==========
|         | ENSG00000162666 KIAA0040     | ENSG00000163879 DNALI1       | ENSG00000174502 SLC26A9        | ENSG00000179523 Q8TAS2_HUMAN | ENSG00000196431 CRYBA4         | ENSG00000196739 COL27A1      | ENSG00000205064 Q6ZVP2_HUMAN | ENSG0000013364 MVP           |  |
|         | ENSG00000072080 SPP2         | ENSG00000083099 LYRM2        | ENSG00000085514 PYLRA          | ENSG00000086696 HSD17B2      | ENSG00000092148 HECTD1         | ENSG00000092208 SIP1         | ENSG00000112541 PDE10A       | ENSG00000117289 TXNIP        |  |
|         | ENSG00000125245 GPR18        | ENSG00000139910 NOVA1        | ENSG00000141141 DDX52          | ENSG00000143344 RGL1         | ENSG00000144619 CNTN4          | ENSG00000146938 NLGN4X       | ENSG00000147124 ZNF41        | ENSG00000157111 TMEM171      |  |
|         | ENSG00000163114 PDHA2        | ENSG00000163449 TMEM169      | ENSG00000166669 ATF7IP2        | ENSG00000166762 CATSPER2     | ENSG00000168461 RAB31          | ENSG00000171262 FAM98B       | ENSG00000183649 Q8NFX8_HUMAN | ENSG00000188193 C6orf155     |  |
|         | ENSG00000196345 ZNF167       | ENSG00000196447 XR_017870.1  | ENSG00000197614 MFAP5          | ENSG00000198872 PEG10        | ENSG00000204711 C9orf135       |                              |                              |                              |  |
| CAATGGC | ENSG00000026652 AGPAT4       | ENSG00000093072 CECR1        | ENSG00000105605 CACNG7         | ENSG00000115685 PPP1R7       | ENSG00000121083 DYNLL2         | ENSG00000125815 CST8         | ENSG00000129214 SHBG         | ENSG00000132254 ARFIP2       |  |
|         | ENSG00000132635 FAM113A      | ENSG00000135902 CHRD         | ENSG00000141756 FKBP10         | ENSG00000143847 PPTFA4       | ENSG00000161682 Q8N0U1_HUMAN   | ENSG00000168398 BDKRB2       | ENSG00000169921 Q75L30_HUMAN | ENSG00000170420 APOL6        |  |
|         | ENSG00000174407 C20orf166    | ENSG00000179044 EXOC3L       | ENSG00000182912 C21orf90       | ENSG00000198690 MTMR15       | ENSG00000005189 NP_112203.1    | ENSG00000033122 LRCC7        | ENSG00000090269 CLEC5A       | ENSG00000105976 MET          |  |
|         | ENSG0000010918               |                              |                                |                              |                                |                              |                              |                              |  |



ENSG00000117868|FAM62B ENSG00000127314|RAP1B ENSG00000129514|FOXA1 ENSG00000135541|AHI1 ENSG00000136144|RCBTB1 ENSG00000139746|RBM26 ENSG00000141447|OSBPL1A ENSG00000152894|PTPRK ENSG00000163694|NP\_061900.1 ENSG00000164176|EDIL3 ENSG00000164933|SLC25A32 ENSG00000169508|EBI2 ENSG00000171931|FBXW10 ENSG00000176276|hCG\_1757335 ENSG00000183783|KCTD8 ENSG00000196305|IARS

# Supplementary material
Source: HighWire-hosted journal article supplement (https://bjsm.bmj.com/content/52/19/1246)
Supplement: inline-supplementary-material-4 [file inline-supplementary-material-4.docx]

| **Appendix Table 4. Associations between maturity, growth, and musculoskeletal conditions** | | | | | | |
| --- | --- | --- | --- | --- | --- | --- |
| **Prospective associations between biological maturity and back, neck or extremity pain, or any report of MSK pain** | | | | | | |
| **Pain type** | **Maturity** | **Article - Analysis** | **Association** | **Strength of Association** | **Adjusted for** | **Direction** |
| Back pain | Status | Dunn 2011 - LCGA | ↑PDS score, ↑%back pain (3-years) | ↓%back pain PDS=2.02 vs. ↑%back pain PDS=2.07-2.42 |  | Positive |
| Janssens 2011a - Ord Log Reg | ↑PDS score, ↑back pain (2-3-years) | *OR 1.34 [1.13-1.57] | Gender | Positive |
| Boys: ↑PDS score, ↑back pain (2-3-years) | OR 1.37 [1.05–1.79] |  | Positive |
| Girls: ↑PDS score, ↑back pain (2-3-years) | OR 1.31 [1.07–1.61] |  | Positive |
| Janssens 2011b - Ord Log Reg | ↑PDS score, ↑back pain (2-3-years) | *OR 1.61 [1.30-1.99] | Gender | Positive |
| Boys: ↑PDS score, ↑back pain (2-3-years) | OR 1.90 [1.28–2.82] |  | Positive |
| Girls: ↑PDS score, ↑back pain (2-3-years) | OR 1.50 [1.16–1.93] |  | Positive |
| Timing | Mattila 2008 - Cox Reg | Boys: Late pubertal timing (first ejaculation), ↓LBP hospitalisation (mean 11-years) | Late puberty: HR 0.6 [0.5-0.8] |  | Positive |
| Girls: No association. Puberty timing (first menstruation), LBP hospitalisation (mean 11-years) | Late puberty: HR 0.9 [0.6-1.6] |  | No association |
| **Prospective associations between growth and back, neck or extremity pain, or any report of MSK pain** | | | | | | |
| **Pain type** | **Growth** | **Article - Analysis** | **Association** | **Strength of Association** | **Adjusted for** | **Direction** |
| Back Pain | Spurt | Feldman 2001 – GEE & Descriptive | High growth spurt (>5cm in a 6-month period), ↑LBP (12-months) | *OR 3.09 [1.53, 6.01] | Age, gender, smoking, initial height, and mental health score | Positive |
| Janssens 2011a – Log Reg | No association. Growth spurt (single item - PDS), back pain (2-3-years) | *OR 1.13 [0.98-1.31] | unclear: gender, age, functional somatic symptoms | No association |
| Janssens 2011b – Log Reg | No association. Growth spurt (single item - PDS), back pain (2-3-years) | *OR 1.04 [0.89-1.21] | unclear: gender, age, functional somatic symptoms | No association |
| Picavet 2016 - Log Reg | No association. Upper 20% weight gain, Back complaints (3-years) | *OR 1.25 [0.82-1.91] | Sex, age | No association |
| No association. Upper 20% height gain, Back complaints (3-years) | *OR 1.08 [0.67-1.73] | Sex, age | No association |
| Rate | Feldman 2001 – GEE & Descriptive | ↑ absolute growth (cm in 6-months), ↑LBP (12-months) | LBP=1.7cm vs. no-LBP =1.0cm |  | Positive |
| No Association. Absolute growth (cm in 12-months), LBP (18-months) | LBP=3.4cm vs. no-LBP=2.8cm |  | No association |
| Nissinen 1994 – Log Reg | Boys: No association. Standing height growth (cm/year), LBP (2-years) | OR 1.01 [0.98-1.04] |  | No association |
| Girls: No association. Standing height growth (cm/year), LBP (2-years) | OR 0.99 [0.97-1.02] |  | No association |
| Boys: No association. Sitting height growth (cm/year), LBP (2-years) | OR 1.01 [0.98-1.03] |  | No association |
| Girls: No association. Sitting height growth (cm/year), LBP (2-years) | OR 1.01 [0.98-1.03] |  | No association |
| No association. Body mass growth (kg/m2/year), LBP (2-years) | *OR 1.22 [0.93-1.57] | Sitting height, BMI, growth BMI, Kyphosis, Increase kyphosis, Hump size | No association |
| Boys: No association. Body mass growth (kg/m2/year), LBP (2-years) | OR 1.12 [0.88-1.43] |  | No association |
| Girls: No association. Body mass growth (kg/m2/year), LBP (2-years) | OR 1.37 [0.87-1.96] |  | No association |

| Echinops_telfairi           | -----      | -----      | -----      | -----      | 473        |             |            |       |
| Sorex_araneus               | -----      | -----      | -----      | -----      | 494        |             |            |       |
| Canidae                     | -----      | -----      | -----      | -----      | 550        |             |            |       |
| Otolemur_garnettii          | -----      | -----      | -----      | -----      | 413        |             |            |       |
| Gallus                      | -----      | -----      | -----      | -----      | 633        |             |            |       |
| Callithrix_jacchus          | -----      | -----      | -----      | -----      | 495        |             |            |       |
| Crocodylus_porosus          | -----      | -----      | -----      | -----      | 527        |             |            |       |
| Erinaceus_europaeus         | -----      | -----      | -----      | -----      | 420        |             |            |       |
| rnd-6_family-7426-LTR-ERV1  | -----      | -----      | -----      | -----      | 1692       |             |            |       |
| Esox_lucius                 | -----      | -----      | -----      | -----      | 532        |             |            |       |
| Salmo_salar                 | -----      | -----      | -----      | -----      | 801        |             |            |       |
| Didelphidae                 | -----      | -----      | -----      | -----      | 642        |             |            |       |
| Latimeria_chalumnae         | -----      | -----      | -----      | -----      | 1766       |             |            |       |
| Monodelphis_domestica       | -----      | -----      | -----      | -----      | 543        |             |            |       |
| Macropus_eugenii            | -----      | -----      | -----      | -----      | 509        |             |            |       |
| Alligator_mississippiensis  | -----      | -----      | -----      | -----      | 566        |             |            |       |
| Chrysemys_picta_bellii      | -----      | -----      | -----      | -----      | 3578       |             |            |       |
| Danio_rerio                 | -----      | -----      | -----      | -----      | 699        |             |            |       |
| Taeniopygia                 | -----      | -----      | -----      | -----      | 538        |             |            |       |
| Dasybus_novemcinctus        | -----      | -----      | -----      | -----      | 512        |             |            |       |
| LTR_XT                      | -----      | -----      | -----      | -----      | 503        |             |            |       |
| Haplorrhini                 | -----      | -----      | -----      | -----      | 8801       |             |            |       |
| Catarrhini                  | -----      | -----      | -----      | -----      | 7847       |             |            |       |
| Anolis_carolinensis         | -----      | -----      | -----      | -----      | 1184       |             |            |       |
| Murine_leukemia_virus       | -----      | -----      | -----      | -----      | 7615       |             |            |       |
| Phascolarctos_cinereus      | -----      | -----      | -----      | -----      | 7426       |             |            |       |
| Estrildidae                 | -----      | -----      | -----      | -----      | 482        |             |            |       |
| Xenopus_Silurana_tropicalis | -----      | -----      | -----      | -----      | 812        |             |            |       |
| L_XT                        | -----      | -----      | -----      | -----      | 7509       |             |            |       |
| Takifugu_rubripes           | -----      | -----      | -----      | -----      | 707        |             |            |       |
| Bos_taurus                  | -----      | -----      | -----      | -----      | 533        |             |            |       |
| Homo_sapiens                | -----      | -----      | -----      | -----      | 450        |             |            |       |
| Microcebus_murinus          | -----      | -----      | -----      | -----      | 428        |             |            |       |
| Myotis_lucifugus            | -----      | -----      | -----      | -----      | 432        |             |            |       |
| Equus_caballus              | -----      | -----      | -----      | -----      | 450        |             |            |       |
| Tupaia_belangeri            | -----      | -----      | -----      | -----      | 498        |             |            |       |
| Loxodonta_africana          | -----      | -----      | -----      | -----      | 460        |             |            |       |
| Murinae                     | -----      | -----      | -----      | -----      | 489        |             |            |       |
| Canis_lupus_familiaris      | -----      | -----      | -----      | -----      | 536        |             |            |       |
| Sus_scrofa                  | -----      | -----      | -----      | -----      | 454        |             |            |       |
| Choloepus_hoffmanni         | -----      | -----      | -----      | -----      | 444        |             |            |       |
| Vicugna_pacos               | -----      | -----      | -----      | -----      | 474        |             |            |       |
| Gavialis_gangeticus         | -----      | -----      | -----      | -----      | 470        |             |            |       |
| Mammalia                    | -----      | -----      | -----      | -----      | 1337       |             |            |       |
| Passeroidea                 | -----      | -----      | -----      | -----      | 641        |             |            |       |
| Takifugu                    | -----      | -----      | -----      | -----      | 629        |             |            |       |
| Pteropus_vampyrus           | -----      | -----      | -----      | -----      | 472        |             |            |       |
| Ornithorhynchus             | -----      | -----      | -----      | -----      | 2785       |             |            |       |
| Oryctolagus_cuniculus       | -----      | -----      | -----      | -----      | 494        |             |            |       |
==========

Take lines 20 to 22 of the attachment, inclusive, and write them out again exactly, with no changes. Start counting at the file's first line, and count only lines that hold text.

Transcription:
| Boys: ↑PDS score, ↑back pain (2-3-years) | OR 1.37 [1.05–1.79] |  | Positive |
| Girls: ↑PDS score, ↑back pain (2-3-years) | OR 1.31 [1.07–1.61] |  | Positive |
| Janssens 2011b - Ord Log Reg | ↑PDS score, ↑back pain (2-3-years) | *OR 1.61 [1.30-1.99] | Gender | Positive |